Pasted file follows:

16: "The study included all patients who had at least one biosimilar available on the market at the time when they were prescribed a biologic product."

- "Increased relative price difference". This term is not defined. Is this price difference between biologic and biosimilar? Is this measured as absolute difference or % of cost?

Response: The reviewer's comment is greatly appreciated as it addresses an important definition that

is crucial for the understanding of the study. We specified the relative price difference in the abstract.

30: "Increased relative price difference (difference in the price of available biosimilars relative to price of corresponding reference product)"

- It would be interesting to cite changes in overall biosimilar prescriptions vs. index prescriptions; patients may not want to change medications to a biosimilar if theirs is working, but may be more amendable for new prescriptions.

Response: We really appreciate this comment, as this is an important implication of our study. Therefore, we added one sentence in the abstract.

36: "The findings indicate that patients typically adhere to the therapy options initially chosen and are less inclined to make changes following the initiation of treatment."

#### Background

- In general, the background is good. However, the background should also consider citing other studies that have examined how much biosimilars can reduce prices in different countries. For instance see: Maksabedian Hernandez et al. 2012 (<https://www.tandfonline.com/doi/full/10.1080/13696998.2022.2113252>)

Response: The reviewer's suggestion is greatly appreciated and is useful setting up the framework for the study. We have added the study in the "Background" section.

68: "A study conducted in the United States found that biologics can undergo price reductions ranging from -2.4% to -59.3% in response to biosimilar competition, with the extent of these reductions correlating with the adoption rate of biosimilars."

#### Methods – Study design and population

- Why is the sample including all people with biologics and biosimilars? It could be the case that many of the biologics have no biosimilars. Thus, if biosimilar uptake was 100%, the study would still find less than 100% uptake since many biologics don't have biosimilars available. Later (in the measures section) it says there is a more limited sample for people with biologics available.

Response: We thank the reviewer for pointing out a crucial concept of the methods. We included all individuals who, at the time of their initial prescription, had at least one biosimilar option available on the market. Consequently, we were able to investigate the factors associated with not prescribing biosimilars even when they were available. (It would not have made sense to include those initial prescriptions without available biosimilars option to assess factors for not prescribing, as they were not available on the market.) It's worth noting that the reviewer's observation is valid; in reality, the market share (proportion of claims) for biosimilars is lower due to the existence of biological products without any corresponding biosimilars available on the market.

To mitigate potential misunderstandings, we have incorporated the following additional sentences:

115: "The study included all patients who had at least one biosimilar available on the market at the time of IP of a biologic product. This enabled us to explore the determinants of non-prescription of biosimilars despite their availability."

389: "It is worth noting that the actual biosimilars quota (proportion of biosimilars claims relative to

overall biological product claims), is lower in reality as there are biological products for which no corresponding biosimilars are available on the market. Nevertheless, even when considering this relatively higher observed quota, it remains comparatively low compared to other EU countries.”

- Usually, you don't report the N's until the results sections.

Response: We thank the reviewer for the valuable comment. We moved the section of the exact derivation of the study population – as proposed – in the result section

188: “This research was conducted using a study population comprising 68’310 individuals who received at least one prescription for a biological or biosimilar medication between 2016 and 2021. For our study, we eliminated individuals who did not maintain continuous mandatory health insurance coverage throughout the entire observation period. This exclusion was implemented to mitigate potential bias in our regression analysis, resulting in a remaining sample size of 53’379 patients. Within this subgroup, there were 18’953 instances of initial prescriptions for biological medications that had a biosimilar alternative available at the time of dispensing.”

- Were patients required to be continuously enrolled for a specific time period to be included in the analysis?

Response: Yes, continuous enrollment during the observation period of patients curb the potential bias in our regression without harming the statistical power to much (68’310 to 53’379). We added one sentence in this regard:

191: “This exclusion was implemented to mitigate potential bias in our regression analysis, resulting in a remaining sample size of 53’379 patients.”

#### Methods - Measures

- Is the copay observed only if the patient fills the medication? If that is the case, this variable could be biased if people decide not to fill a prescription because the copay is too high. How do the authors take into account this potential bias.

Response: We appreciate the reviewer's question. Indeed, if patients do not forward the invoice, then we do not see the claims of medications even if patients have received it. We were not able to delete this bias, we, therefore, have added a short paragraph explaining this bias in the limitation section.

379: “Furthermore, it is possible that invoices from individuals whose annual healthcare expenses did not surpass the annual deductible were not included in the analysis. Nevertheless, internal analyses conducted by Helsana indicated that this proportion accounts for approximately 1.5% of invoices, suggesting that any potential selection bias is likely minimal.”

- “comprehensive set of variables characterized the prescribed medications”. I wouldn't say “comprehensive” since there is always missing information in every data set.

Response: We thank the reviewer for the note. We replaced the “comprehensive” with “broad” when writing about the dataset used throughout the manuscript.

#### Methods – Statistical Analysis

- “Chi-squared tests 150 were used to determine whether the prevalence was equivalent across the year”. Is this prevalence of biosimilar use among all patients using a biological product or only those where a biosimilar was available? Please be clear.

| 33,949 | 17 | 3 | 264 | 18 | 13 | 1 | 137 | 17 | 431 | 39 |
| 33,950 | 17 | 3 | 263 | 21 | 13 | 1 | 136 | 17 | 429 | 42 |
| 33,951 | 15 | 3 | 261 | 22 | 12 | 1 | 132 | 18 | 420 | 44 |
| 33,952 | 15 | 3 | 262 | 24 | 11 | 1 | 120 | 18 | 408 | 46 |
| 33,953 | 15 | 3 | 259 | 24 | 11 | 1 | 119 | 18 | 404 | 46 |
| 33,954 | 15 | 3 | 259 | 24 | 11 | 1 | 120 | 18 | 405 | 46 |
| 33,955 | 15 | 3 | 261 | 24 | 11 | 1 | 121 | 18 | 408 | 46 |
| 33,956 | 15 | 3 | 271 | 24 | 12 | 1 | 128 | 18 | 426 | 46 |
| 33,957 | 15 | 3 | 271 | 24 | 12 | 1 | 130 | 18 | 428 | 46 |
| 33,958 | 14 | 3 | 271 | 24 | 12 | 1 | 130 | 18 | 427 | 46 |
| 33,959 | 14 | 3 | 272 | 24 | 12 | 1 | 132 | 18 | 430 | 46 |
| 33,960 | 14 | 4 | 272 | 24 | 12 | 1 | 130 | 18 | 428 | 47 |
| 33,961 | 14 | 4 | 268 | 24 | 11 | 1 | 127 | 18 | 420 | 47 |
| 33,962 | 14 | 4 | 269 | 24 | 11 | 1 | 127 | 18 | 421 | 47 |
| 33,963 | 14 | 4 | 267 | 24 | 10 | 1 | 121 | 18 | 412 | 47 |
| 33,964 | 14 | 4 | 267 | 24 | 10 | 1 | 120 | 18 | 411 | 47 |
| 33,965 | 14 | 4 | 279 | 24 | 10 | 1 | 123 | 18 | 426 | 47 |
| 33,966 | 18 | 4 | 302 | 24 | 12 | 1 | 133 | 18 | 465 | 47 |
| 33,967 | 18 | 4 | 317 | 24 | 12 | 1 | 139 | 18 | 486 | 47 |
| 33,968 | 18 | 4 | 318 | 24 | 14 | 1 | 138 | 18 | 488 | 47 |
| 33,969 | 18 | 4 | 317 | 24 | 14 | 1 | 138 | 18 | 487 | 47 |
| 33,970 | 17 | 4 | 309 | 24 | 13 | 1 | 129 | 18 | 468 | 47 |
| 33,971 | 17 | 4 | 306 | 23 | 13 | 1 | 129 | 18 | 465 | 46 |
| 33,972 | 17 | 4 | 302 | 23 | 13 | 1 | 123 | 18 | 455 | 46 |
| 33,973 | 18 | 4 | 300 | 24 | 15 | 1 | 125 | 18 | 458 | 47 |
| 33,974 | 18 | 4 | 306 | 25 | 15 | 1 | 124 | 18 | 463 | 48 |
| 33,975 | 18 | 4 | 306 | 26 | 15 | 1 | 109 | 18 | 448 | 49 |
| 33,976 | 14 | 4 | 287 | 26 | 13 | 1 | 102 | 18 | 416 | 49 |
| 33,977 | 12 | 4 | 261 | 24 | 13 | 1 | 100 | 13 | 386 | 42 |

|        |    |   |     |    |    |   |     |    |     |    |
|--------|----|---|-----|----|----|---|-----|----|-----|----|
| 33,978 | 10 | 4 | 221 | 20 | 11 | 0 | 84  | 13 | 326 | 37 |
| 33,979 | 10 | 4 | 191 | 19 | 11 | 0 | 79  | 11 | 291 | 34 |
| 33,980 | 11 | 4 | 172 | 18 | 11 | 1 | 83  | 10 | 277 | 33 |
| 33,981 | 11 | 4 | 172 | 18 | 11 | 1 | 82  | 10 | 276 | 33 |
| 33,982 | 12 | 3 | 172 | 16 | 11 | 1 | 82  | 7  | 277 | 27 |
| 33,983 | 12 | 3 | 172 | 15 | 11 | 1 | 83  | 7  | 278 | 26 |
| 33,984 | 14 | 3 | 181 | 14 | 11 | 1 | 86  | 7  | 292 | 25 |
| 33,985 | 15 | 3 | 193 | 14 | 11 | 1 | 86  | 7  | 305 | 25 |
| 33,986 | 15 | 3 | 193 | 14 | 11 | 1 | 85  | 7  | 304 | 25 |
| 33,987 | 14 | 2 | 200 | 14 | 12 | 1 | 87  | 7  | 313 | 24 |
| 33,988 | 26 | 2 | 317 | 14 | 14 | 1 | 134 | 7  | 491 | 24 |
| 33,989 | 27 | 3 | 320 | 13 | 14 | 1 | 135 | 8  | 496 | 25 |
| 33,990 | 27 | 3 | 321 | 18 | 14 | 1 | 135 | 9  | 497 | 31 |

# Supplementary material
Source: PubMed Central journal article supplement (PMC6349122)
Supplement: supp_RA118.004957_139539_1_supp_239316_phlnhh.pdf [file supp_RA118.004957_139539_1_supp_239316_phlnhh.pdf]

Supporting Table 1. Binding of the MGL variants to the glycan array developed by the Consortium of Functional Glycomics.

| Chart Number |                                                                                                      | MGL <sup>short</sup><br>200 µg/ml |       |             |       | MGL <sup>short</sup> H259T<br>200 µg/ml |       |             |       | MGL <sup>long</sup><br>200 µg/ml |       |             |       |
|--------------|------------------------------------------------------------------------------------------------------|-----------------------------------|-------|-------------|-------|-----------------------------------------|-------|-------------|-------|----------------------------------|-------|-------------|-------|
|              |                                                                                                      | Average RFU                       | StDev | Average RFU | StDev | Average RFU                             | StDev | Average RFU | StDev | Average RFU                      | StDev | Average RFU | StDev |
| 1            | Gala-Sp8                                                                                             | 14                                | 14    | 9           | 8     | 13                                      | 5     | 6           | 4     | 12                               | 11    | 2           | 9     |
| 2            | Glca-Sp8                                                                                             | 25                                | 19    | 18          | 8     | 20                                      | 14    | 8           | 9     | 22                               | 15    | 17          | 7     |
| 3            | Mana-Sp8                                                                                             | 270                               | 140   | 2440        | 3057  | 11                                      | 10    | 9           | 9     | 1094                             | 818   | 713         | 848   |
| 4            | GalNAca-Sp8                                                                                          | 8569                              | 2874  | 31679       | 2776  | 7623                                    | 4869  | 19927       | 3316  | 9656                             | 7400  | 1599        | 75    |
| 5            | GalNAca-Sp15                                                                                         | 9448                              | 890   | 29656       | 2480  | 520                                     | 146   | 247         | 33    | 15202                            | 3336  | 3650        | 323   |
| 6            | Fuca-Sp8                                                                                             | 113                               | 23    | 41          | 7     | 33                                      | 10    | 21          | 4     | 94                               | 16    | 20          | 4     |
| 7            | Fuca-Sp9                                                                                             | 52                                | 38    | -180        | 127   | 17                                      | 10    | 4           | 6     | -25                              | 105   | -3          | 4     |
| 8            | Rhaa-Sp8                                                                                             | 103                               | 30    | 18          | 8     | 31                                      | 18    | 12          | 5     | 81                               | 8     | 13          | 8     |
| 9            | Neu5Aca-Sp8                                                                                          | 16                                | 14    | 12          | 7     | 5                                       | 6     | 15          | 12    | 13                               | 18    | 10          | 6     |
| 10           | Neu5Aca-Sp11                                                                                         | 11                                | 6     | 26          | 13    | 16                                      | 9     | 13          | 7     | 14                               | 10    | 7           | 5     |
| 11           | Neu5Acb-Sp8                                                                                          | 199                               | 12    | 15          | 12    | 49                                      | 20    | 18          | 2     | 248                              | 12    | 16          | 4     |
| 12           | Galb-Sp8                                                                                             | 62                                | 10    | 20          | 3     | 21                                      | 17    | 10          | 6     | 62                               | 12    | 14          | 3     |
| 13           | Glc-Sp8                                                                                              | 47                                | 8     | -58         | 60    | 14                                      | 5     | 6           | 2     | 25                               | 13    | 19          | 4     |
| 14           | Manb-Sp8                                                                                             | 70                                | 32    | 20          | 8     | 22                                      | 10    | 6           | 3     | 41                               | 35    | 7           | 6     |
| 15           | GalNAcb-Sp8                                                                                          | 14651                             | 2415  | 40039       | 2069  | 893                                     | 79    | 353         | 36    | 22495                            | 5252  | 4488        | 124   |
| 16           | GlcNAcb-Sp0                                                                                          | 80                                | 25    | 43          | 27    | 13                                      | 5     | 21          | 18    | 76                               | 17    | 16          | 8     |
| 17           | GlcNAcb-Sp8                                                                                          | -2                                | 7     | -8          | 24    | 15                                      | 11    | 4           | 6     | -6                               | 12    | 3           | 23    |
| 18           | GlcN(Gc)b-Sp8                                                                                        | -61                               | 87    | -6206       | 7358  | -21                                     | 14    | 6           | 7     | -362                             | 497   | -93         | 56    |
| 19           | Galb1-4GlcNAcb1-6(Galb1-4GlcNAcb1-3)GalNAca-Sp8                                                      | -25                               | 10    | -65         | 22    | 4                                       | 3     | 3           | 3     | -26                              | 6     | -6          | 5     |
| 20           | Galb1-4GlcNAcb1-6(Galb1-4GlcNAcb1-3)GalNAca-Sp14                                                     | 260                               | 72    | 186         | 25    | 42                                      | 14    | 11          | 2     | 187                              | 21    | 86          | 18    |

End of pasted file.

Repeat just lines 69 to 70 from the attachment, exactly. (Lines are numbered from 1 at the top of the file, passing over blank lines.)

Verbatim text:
| 33,982 | 12 | 3 | 172 | 16 | 11 | 1 | 82  | 7  | 277 | 27 |
| 33,983 | 12 | 3 | 172 | 15 | 11 | 1 | 83  | 7  | 278 | 26 |